USMLE Step 1 During COVID-19: A Fog of Uncertainty

Marcus Wiggins
Puneet Kaur
Pranav Puri


As current medical students, the ongoing COVID-19 pandemic represents the most significant healthcare crisis of our lifetimes. COVID-19 has upended nearly every element of healthcare in the United States, including medical education. The pandemic has exposed shortcomings in healthcare delivery ranging from the care of nursing home residents to the lack of interoperable health data. However, the pandemic has also exposed shortcomings in the residency match process.

Consider the United States Medical Licensing Examination (USMLE) Step 1. A 2018 survey of residency program directors cited USMLE Step 1 scores as the most important factor in selecting candidates to interview. Moreover, program directors frequently apply numerical Step 1 score cutoffs to screen applicants for interviews. As such, there are marked variations in mean Step 1 scores across clinical specialties. For example, in 2018, US medical graduates who matched into neurosurgery had a mean Step 1 scores of 245, while those matching into neurology had a mean Step 1 score of 231.

One would assume that, at a minimum, Step 1 scores are a standardized, objective measure to statistically distinguish applicants. Unfortunately, this does not hold true. In its score interpretation guidelines, the National Board of Medical Examiners (NBME) provides Step 1’s standard error of difference (SED) as an index to determine whether the difference between two scores is statistically meaningful.  The NBME reports a SED of 8 for Step 1. Assuming Step 1 scores are normally distributed, the 95% confidence interval of a Step 1 score can thus be estimated as the score plus or minus 1.96 times the standard error (Figure 1). For example, consider Student A who is interested in pursuing neurosurgery and scores 231. The 95% confidence interval of this score would span from 215 to 247. Now consider Student B who is also interested in neurosurgery and scores 245. The 95% interval of this score would span from 229 to 261. The confidence intervals of these two scores clearly overlap, and therefore, there is no statistically significant difference between Student A and Student B’s exam performance. If these exam scores represented the results of a clinical trial, we would describe the results as null and dismiss the difference in scores as mere chance.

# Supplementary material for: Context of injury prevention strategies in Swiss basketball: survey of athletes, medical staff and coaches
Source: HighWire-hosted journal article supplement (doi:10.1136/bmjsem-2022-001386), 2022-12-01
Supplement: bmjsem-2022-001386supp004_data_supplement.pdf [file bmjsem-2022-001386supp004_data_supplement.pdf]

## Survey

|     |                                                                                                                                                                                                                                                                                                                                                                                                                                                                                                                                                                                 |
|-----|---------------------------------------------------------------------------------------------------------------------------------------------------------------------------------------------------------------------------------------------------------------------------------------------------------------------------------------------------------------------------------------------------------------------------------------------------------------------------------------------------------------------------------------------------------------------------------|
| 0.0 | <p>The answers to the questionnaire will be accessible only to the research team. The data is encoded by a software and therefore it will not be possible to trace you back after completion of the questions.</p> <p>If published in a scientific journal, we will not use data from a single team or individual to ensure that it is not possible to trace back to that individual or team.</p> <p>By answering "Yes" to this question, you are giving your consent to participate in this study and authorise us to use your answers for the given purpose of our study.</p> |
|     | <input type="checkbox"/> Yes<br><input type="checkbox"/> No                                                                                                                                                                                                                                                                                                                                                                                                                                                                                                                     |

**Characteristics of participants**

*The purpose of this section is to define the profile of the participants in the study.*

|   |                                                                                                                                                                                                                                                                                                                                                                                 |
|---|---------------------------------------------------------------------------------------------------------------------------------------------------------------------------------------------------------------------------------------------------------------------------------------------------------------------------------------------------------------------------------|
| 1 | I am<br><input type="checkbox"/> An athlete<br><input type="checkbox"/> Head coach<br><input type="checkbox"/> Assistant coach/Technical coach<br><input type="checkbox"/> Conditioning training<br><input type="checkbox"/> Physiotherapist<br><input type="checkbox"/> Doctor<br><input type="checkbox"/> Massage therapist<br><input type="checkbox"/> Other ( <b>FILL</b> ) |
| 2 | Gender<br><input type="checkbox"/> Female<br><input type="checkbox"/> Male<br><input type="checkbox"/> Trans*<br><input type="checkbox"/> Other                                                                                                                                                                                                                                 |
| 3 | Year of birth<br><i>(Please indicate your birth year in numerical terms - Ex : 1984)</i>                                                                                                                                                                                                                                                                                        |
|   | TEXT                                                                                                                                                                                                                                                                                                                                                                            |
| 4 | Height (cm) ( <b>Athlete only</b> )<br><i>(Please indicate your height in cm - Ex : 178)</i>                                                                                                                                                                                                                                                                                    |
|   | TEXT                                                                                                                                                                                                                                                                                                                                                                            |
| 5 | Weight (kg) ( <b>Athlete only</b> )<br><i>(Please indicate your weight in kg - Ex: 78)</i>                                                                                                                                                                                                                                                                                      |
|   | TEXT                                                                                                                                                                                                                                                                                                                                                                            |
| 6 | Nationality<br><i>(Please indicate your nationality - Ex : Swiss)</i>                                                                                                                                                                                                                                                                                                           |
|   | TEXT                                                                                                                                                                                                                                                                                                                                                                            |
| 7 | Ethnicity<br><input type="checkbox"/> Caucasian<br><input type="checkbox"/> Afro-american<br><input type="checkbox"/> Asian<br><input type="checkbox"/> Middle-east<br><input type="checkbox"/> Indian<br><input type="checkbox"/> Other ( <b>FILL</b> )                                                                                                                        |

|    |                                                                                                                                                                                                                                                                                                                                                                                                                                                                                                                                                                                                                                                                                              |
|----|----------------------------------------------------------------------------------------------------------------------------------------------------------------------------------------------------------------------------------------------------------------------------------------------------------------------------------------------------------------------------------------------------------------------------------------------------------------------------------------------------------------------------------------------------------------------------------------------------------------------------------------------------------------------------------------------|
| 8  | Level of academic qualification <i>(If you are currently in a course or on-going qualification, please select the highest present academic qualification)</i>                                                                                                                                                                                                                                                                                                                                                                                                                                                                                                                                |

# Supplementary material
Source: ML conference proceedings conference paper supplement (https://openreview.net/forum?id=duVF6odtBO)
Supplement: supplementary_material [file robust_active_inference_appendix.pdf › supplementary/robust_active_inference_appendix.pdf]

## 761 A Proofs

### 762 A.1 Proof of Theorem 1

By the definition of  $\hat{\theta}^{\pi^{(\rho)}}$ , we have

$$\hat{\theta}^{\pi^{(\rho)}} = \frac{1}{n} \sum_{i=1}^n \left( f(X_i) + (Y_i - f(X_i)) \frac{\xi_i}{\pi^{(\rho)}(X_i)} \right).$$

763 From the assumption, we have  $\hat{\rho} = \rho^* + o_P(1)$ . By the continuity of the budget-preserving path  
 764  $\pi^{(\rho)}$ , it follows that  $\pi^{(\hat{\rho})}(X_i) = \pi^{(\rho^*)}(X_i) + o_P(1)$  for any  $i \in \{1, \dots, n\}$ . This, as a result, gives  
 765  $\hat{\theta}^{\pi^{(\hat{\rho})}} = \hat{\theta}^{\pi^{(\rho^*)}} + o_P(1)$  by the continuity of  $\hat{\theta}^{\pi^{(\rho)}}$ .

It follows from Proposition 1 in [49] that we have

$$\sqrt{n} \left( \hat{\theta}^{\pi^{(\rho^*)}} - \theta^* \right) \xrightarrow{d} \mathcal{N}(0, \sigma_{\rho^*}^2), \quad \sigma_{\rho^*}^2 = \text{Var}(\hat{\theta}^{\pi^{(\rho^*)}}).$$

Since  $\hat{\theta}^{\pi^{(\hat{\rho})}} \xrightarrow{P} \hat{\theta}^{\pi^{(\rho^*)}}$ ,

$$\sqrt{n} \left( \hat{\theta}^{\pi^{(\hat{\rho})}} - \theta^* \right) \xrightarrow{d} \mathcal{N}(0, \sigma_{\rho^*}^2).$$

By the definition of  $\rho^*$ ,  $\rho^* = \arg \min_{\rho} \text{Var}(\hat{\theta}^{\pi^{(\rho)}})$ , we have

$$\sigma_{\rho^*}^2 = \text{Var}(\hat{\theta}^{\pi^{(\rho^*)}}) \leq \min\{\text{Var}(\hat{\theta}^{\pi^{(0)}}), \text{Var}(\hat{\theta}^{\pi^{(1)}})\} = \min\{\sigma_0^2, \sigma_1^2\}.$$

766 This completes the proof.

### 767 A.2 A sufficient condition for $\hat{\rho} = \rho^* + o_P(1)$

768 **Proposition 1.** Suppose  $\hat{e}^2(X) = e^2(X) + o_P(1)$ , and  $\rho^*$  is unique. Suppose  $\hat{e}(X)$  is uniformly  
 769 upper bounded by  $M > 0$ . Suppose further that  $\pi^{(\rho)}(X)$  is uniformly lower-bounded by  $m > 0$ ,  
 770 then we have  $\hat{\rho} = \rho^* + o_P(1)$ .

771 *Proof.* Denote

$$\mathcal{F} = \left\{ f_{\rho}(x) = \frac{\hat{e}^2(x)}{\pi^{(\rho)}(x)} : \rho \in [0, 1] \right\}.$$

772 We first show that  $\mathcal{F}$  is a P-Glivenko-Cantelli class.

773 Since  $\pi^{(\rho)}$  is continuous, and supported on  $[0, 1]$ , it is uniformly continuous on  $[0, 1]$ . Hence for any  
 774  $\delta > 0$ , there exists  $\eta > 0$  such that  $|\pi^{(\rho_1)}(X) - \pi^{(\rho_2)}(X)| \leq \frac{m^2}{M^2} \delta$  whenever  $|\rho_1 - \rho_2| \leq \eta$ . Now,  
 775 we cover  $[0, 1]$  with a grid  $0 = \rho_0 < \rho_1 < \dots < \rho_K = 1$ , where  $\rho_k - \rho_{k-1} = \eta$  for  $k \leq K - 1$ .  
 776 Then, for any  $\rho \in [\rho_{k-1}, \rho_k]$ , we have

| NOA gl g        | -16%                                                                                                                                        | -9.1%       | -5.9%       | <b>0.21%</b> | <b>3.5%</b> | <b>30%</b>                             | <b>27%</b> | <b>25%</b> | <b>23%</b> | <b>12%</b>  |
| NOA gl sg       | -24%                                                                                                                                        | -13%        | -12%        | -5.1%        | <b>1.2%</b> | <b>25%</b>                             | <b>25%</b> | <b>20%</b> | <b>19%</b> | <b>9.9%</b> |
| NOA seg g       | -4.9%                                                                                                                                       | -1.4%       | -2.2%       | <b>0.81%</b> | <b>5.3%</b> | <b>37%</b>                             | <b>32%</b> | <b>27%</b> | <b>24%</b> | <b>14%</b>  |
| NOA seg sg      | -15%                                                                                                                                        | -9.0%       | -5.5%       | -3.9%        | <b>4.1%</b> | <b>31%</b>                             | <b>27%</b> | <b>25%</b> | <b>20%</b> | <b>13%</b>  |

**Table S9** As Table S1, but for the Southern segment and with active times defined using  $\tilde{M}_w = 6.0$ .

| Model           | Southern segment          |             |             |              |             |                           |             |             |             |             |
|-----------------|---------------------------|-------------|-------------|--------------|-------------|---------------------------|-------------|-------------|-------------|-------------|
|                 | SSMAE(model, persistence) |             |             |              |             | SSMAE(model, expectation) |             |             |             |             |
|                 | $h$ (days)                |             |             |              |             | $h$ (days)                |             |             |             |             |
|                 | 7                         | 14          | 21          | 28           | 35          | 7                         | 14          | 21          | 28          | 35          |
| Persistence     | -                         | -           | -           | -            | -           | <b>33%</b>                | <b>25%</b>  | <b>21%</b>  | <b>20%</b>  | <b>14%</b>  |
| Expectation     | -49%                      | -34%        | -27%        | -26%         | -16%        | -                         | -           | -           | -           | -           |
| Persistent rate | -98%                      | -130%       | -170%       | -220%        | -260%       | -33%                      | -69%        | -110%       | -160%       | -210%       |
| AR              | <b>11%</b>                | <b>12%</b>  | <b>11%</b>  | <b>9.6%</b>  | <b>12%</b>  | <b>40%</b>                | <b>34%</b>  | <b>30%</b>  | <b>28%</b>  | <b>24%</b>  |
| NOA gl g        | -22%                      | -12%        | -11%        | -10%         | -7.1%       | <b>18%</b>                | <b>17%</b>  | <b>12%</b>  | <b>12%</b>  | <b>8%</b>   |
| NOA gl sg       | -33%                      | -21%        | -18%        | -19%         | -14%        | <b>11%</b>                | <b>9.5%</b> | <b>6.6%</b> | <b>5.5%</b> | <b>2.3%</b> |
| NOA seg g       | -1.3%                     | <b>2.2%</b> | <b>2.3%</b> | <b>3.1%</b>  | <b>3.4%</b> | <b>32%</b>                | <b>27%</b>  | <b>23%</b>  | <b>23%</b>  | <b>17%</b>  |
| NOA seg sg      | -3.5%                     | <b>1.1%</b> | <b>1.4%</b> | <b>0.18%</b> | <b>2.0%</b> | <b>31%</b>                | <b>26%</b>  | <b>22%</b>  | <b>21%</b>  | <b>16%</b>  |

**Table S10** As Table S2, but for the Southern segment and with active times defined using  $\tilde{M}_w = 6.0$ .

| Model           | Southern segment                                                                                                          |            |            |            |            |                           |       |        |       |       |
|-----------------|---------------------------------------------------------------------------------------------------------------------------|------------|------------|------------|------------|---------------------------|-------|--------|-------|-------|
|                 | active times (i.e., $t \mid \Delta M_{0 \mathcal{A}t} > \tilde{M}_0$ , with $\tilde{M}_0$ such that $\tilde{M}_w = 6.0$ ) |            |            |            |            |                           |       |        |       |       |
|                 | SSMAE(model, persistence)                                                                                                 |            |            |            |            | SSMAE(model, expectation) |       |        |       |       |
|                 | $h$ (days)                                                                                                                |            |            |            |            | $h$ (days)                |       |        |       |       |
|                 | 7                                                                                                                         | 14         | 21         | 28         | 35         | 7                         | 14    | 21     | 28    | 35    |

However, medical students and program directors know that this is not how USMLE Step 1 scores are interpreted in the residency match process. Practically speaking, program directors are inundated with applications and must filter applicants based on score cutoffs. For example, a neurosurgery program director faced with more than 100 applications for 2 spots may choose to filter out all applicants with Step 1 scores below 235. In this scenario, Student A will be filtered out of consideration and might be advised to pursue neurology instead of neurosurgery. Meanwhile, Student B will remain eligible for the position. Even though there is no statistically significant difference between their Step 1 scores, Student B is more likely to match into a neurosurgery position than Student A.